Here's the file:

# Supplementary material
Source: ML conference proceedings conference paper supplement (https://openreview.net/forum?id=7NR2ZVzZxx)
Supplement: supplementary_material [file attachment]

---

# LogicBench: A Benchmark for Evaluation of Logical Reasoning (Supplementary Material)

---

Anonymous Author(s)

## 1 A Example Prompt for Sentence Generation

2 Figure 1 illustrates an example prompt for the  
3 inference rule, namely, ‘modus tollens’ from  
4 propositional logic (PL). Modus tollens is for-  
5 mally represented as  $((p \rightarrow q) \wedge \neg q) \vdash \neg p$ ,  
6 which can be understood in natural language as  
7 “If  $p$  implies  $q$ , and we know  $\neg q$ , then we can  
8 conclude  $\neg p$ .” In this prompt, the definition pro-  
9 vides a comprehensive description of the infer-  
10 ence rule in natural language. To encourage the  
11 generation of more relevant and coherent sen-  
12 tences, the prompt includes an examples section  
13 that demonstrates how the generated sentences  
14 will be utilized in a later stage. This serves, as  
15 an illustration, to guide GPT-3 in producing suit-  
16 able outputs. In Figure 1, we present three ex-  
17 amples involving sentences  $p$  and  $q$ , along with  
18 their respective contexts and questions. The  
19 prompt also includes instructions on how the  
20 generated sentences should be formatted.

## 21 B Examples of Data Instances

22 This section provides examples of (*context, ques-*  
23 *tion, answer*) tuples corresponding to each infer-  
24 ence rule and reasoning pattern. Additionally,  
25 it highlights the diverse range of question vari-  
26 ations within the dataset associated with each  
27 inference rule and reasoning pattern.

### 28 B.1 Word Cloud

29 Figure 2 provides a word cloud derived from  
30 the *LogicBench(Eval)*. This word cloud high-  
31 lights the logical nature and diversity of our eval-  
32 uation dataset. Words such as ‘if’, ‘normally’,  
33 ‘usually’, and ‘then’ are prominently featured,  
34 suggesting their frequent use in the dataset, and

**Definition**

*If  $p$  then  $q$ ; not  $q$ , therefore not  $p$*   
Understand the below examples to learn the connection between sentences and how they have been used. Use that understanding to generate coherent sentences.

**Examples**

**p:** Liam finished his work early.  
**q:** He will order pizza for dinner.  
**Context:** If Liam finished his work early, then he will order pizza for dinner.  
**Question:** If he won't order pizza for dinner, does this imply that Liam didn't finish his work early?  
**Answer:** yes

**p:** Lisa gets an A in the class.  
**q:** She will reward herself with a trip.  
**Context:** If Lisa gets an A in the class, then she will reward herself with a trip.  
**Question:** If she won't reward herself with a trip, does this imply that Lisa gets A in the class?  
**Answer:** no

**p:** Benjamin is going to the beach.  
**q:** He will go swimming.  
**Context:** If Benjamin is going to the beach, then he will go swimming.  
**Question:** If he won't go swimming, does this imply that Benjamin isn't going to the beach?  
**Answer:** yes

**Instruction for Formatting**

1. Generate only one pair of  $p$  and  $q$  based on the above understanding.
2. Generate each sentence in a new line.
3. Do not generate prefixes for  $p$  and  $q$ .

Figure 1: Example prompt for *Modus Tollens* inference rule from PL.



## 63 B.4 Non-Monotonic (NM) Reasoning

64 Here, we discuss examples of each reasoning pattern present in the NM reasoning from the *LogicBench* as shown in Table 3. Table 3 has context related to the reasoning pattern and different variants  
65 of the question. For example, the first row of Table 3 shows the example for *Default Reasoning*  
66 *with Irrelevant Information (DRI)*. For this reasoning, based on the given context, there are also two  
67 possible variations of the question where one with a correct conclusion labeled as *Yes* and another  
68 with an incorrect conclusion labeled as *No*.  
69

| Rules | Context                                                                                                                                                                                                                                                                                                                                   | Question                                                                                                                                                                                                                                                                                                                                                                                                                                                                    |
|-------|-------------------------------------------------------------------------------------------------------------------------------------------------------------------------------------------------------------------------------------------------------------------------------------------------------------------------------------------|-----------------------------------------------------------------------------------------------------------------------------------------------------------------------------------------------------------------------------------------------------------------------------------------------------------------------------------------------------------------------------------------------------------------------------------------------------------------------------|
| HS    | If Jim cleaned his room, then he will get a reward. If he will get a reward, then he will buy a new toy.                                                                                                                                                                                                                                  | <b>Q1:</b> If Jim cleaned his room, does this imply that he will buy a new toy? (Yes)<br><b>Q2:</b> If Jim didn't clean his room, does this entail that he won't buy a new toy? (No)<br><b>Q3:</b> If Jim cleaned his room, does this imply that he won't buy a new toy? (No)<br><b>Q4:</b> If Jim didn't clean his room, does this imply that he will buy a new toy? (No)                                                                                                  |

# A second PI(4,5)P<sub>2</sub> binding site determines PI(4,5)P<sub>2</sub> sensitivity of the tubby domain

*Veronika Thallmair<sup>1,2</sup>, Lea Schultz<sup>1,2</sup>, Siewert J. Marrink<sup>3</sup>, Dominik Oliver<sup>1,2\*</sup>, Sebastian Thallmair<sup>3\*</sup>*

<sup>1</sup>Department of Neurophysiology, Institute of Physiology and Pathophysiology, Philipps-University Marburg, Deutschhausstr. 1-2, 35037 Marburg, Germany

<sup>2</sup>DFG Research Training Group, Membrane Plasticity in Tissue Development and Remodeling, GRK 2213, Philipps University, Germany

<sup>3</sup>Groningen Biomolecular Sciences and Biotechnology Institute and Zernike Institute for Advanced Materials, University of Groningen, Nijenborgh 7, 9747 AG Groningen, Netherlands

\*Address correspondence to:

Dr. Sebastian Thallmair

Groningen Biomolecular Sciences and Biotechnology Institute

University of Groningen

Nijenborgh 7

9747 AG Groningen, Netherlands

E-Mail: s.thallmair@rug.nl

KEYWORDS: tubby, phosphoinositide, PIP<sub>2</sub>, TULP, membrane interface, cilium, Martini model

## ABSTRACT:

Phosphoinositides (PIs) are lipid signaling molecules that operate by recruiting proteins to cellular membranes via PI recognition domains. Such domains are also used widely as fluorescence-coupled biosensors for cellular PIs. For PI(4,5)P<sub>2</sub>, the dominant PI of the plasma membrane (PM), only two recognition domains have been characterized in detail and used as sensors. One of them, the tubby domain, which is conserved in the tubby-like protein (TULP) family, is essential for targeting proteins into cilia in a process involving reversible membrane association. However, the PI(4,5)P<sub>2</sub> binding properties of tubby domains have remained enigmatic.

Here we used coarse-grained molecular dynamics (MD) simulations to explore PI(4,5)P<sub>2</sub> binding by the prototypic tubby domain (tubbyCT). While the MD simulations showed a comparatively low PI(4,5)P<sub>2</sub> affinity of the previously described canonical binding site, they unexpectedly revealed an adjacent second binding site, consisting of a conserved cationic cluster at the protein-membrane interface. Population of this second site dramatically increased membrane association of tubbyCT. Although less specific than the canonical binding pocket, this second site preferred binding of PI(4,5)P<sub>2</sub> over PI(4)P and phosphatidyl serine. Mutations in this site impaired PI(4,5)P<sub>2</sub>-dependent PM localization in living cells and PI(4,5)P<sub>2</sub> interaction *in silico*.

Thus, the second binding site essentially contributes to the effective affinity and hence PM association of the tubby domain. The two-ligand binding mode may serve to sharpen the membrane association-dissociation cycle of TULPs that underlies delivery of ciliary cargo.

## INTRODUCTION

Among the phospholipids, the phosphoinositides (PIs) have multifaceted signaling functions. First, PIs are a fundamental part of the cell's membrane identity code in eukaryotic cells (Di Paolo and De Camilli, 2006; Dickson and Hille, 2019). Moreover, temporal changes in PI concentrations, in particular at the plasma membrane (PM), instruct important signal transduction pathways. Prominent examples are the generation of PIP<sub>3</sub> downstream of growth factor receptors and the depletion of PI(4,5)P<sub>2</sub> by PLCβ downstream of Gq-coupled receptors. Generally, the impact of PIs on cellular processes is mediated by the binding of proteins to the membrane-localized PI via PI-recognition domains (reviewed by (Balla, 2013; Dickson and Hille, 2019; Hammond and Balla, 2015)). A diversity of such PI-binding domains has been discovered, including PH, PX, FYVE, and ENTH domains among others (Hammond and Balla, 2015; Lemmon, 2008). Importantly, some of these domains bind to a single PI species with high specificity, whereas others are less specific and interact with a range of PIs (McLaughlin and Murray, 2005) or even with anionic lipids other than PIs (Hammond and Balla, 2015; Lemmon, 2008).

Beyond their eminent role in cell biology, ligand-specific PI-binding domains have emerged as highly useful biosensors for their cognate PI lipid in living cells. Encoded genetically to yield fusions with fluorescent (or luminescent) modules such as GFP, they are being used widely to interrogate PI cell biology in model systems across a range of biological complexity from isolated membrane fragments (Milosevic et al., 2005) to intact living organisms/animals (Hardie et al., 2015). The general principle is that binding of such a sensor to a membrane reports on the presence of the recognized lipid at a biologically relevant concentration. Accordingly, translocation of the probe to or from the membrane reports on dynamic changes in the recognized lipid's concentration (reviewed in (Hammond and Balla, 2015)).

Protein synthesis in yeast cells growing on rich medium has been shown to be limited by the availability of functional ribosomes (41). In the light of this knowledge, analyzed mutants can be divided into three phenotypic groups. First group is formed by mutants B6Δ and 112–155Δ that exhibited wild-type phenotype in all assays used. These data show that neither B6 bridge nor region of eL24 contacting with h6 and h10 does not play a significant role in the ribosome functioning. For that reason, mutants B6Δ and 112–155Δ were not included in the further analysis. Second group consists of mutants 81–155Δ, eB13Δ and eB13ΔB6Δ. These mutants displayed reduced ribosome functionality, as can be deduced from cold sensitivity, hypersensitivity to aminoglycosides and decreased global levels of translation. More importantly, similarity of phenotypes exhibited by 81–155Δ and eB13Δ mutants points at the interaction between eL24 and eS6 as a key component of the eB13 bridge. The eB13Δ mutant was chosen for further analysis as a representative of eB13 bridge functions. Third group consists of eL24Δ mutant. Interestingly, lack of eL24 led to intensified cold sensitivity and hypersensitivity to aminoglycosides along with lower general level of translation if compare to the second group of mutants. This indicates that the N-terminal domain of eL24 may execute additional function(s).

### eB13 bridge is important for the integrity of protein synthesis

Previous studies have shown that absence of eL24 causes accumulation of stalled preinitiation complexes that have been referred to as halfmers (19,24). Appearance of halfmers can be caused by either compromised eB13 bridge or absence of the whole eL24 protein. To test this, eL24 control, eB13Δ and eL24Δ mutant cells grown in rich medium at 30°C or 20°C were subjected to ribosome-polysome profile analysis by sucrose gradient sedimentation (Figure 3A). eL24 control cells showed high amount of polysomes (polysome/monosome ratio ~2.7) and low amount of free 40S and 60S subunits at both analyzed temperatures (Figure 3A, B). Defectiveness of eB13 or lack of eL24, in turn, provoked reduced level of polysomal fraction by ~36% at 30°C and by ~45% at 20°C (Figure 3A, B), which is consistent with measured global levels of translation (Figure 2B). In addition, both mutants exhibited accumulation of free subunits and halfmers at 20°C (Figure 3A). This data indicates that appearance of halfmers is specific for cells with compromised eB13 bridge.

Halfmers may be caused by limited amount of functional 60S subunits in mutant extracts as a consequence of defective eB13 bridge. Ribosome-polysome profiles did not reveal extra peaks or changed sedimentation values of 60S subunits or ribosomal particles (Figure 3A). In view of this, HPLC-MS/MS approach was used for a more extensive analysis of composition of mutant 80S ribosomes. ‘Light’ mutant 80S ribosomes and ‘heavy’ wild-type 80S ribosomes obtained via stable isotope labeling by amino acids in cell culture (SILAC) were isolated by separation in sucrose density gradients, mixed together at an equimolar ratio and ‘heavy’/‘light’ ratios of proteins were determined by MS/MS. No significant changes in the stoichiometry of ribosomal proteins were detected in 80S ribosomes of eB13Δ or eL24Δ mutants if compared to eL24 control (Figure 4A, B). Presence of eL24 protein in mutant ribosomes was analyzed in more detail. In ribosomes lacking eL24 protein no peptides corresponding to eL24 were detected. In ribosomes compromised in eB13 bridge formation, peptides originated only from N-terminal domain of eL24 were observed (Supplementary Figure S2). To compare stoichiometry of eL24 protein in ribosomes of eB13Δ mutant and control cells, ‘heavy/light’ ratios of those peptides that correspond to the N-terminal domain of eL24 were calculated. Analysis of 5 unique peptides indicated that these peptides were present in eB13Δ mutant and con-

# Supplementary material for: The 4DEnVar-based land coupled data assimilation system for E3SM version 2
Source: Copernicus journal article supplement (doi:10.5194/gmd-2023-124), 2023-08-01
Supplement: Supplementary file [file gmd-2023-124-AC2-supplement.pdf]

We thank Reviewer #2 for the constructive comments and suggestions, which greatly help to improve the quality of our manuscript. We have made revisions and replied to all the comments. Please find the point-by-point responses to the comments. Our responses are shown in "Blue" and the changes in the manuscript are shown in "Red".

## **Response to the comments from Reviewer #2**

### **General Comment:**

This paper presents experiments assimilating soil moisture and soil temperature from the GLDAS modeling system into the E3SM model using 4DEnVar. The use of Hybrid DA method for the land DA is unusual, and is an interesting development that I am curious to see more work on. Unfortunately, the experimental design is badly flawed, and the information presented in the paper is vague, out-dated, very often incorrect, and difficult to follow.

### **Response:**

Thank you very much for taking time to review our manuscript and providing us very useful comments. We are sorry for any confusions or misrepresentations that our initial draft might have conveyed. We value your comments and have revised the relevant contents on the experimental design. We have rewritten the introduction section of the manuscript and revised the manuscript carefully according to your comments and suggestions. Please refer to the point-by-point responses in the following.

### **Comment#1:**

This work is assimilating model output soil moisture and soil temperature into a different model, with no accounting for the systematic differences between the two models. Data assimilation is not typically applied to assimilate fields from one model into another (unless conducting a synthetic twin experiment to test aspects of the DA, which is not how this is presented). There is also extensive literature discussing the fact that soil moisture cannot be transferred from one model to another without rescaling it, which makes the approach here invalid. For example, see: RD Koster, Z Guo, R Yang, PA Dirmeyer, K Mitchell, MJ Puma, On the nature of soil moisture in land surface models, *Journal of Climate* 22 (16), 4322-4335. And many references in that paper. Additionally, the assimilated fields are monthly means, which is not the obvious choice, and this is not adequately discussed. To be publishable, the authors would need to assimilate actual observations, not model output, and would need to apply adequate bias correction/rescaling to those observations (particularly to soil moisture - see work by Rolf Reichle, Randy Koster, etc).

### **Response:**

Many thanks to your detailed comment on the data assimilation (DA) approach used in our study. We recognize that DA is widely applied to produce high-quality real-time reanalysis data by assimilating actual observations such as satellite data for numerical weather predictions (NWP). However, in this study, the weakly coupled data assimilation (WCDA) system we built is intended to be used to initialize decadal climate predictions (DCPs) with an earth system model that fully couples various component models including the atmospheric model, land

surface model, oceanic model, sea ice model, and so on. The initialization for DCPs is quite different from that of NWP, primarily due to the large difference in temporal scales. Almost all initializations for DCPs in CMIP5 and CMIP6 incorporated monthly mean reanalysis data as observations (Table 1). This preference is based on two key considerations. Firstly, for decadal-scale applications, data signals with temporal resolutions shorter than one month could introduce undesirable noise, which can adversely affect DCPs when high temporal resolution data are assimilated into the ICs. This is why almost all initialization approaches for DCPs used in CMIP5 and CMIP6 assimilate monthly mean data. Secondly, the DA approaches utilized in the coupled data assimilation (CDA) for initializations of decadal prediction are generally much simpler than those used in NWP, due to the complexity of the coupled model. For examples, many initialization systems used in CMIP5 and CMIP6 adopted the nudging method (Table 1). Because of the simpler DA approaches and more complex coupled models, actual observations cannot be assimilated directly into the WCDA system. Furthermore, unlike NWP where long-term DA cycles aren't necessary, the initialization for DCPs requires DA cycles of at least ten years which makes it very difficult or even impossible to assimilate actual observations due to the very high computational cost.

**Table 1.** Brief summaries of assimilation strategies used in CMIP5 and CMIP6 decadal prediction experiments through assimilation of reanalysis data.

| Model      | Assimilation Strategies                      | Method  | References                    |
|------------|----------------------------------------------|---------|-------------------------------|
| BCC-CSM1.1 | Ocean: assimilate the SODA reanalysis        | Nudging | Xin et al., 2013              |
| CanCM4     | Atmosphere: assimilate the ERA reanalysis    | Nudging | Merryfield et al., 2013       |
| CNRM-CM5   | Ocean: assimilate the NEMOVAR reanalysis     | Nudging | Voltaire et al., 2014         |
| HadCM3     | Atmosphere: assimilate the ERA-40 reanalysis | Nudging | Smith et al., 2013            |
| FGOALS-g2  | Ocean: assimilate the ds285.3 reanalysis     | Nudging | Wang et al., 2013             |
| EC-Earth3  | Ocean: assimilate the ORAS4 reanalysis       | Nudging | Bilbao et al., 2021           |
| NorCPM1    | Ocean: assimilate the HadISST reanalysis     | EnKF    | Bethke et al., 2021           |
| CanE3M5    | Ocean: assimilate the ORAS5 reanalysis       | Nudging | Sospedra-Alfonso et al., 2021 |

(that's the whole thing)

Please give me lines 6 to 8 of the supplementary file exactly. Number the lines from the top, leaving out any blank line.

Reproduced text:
---

Anonymous Author(s)

## 1 A Example Prompt for Sentence Generation